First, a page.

News from the Charles Darwin Foundation and Galapagos
The Charles Darwin Foundation (CDF) places significant emphasis on delivering local capacity building courses for partner organizations. Within this context, on July 15th and 16th, CDF held a marine invasive species identification workshop at the Charles Darwin Research Station on Santa Cruz Island for staff members of the Galapagos Biosecurity Agency (ABG in its Spanish acronym).
The principal aim of the CDF Marine invasive project is to minimize the negative impacts of marine invasives on marine biodiversity, ecosystems and on the overall health of the Galapagos Marine Reserve (GMR). The two day workshop was presented by CDF scientists Inti Keith and Priscilla Martinez – the project’s principal investigators.
Inti and Priscilla welcomed 10 ABG technicians and covered in detail the risks and threats of introduced marine species arriving to the GMR. ABG staff studied some of the species that could most likely find their way to the GMR, including an evaluation of possible routes and entry points. It was also an opportunity to analysis the measures currently in place for stopping marine invasives from entering the GMR in the first place.
In addition, the workshop provided an open dialogue for discussing some of the current issues related to maritime traffic in Galapagos and the management of control activities by on-the-ground Galapagos institutions. All ABG technicians were evaluated at the end of the course and received a certificate of attendance.
CDF receives no governmental funding for providing opportunities such as these; however, working with Ecuadorian public institutions and forging links with the community is a fundamental part of our mission in Galapagos.
The project is coordinated alongside the University of Southampton and the Galapagos National Park Directorate. Other local, national and international partners include the Ecuadorian Oceanographic Institute (INOCAR), the National Directorate of Aquatic Spaces (DIRNEA), the Galapagos Biosecurity Agency (ABG), the Ecuadorian Navy and University of Dundee, Scotland.
This project is possible thanks to funding support from Darwin Initiative, Galapagos Conservancy and the Lindblad Expeditions/National Geographic Fund.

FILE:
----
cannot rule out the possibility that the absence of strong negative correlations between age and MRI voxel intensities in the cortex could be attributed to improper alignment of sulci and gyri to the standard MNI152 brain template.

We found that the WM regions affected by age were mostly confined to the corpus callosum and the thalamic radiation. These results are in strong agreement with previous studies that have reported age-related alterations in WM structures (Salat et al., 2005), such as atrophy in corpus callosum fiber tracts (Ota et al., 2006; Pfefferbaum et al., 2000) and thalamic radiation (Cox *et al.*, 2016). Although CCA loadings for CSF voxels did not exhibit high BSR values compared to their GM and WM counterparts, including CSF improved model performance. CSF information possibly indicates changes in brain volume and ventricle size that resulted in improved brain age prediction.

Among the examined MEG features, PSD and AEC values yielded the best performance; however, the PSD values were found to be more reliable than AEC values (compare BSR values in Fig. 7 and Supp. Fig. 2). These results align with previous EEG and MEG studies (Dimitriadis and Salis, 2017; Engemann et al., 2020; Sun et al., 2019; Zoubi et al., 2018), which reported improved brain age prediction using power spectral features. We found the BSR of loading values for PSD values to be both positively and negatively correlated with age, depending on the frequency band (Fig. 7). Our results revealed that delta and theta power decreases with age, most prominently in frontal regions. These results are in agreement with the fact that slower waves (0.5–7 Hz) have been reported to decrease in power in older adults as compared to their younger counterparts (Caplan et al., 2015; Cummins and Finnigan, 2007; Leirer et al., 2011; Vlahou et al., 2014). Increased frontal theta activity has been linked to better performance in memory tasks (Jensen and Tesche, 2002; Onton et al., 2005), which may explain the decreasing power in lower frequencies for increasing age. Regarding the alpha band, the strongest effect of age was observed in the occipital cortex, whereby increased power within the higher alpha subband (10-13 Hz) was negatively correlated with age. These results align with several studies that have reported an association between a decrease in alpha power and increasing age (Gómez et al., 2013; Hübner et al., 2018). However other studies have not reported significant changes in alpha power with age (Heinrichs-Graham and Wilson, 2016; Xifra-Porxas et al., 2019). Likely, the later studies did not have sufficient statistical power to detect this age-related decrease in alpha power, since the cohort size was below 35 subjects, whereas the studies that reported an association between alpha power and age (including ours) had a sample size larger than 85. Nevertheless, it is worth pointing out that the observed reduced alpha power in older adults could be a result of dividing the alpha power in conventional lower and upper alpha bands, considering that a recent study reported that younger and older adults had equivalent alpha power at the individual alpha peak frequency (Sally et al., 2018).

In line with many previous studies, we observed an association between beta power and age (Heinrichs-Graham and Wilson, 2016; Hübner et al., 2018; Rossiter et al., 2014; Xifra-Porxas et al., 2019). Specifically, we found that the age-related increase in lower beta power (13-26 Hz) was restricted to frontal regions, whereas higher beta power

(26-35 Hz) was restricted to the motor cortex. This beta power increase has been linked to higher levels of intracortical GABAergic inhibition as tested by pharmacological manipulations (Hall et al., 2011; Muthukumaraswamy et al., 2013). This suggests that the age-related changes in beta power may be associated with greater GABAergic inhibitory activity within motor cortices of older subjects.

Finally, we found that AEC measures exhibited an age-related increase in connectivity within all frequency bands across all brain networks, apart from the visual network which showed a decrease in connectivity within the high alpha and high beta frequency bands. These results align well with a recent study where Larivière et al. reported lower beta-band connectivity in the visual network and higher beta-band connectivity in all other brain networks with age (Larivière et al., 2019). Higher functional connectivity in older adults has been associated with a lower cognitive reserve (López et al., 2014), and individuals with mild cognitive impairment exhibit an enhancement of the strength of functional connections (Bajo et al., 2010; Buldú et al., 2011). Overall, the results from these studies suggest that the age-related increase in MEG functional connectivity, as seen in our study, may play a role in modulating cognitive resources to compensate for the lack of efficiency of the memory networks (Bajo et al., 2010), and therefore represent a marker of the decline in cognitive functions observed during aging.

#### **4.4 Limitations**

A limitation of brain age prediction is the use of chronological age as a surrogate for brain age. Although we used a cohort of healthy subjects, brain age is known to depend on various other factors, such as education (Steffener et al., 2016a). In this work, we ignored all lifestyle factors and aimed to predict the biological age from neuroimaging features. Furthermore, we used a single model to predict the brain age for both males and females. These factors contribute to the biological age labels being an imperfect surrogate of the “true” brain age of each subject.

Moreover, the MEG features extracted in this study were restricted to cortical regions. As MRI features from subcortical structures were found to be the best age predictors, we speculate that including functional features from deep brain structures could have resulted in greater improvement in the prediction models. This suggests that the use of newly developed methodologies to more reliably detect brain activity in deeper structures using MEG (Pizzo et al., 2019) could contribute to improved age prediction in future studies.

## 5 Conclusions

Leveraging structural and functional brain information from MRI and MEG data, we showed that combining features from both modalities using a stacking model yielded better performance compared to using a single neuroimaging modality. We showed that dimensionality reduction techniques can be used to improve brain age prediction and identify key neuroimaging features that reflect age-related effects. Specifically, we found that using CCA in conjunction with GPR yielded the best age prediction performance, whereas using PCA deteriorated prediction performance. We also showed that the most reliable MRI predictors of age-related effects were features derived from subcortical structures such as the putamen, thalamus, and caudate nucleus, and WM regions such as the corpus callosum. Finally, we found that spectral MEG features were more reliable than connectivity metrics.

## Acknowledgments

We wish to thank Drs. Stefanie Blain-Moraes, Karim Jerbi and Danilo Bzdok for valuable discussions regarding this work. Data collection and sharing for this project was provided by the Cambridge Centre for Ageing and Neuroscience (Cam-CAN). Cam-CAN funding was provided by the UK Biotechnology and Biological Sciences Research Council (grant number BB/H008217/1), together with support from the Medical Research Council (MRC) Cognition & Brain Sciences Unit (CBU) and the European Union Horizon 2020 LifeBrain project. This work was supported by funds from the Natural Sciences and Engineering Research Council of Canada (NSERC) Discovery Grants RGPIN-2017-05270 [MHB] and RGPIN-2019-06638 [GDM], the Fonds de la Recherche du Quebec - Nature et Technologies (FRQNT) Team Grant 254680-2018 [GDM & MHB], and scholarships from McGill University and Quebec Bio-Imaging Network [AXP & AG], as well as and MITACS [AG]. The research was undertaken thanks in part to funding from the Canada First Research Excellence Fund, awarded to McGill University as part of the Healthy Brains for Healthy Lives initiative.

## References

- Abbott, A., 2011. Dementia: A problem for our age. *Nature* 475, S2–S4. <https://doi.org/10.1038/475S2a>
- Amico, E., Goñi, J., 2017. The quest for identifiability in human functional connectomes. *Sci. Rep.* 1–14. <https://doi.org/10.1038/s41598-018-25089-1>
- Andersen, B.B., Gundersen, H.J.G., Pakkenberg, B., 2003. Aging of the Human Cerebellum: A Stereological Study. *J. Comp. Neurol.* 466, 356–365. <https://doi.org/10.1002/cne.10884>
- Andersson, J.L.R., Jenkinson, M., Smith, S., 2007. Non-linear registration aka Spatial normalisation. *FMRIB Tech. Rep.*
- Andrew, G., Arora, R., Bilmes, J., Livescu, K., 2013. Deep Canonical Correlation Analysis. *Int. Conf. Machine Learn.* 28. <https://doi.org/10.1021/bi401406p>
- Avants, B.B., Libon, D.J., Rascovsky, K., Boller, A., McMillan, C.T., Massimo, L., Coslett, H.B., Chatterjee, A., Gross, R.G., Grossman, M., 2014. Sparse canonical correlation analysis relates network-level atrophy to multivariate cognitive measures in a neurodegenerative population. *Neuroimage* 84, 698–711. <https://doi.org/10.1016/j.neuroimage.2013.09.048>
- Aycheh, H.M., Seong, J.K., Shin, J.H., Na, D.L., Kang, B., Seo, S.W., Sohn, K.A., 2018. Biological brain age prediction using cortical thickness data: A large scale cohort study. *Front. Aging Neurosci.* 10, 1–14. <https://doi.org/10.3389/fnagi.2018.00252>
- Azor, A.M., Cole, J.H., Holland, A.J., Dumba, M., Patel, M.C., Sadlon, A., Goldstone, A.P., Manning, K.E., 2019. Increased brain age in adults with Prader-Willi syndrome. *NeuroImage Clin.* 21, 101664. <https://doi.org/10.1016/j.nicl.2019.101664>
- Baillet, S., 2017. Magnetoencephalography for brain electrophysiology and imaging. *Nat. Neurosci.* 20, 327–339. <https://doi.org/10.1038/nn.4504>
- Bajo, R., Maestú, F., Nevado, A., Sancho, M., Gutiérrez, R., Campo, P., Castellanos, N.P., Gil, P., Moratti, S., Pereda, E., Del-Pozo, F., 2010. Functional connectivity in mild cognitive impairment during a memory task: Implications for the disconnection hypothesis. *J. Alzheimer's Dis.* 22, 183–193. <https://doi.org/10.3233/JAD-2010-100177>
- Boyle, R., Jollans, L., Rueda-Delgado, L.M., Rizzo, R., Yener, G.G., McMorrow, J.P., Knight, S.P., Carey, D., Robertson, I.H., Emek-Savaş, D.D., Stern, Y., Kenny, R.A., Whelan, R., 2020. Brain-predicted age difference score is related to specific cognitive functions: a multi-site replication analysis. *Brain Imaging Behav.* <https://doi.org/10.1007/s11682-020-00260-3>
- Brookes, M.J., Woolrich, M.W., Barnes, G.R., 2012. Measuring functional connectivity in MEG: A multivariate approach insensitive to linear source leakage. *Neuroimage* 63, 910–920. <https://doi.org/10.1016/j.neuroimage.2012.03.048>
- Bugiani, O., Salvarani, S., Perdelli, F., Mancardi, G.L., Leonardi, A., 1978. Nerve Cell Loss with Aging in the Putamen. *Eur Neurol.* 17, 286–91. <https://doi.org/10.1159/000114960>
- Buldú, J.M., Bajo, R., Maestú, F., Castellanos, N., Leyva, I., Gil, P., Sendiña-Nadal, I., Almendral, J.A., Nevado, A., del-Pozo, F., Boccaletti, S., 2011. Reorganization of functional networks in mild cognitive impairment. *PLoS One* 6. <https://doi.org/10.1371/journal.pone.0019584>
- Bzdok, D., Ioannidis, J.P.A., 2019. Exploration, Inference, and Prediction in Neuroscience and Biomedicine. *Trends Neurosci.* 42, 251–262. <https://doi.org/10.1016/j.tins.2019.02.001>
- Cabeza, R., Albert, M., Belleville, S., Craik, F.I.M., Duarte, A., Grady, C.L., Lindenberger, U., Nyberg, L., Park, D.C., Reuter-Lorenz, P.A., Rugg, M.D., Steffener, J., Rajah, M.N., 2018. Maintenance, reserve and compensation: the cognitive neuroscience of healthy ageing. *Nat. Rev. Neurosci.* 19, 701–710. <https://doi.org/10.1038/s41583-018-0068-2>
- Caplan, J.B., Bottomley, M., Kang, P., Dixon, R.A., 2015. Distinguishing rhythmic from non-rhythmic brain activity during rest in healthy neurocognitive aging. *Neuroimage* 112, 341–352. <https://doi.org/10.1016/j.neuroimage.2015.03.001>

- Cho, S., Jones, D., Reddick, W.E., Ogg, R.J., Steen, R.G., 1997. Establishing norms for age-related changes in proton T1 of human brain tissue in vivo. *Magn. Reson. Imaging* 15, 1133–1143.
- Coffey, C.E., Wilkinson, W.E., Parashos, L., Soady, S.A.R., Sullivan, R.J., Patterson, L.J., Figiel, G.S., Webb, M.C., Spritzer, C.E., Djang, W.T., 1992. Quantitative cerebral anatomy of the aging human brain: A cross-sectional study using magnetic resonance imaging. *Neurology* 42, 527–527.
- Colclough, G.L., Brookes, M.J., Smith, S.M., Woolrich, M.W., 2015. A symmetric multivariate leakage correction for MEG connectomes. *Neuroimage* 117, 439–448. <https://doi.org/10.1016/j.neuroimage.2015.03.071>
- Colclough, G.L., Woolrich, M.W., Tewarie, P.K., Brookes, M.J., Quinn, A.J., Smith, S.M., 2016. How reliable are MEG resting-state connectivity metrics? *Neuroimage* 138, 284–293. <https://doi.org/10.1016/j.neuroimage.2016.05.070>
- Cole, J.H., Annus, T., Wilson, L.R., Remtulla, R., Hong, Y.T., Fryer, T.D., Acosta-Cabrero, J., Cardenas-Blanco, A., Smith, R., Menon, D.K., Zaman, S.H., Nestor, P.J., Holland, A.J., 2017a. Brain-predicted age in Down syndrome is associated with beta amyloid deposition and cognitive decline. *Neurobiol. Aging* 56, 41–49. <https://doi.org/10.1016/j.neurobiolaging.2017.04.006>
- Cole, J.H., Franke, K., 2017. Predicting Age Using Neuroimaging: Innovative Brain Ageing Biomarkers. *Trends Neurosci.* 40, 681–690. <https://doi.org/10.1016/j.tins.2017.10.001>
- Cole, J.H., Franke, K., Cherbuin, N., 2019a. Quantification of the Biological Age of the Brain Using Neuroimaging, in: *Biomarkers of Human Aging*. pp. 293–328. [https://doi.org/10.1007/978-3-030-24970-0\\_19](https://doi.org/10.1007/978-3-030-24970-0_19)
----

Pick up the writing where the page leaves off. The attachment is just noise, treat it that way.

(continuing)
The cargo boat Galapaface I remains on the rocks in Wreck Bay on the Island of San Cristobal Galapagos. The salvage company is working day and night to try to re float the ship and safely remove it form the Galapagos Marine Reserve. In order for this operation to go ahead 2 tug boats where hired to come form continental Ecuador to the Galapagos Islands that are located about 1000km from the mainland. The Charles Darwin Foundation (CDF) and myself where called by local authorities, the Galapagos National Park (GNP) and the Biosecurity Agency for Galapagos (ABG) to go and inspect these tug boats. These boats spend a lot of time stationary in places where non native species can attach themselves to the hull of the boat and hitch a lift to the next port of entry. In the Galapagos Marine Reserve (GMR) we are working to protect these species entering the GMR and causing damage to the surrounding ecosystem. A team of 4 divers from all institutions (GNP, ABG, CDF) inspected both tug boats and i have to say where pleasantly surprised. The owners of the boats respected the regulations that have been put in place to protect the GMR from the introduction of alien species. Both boats where examples of how boats should enter the GMR. I will keep you informed on this as it progresses, it looks like it will take a few more weeks to get the boat of the rocks.
On Friday Im going to the southern Islands of Española and Floreana looking for invasive species and doing monitoring of sites i visited last year. I will update you on that trip when i get back
Cheers from sunny galapagos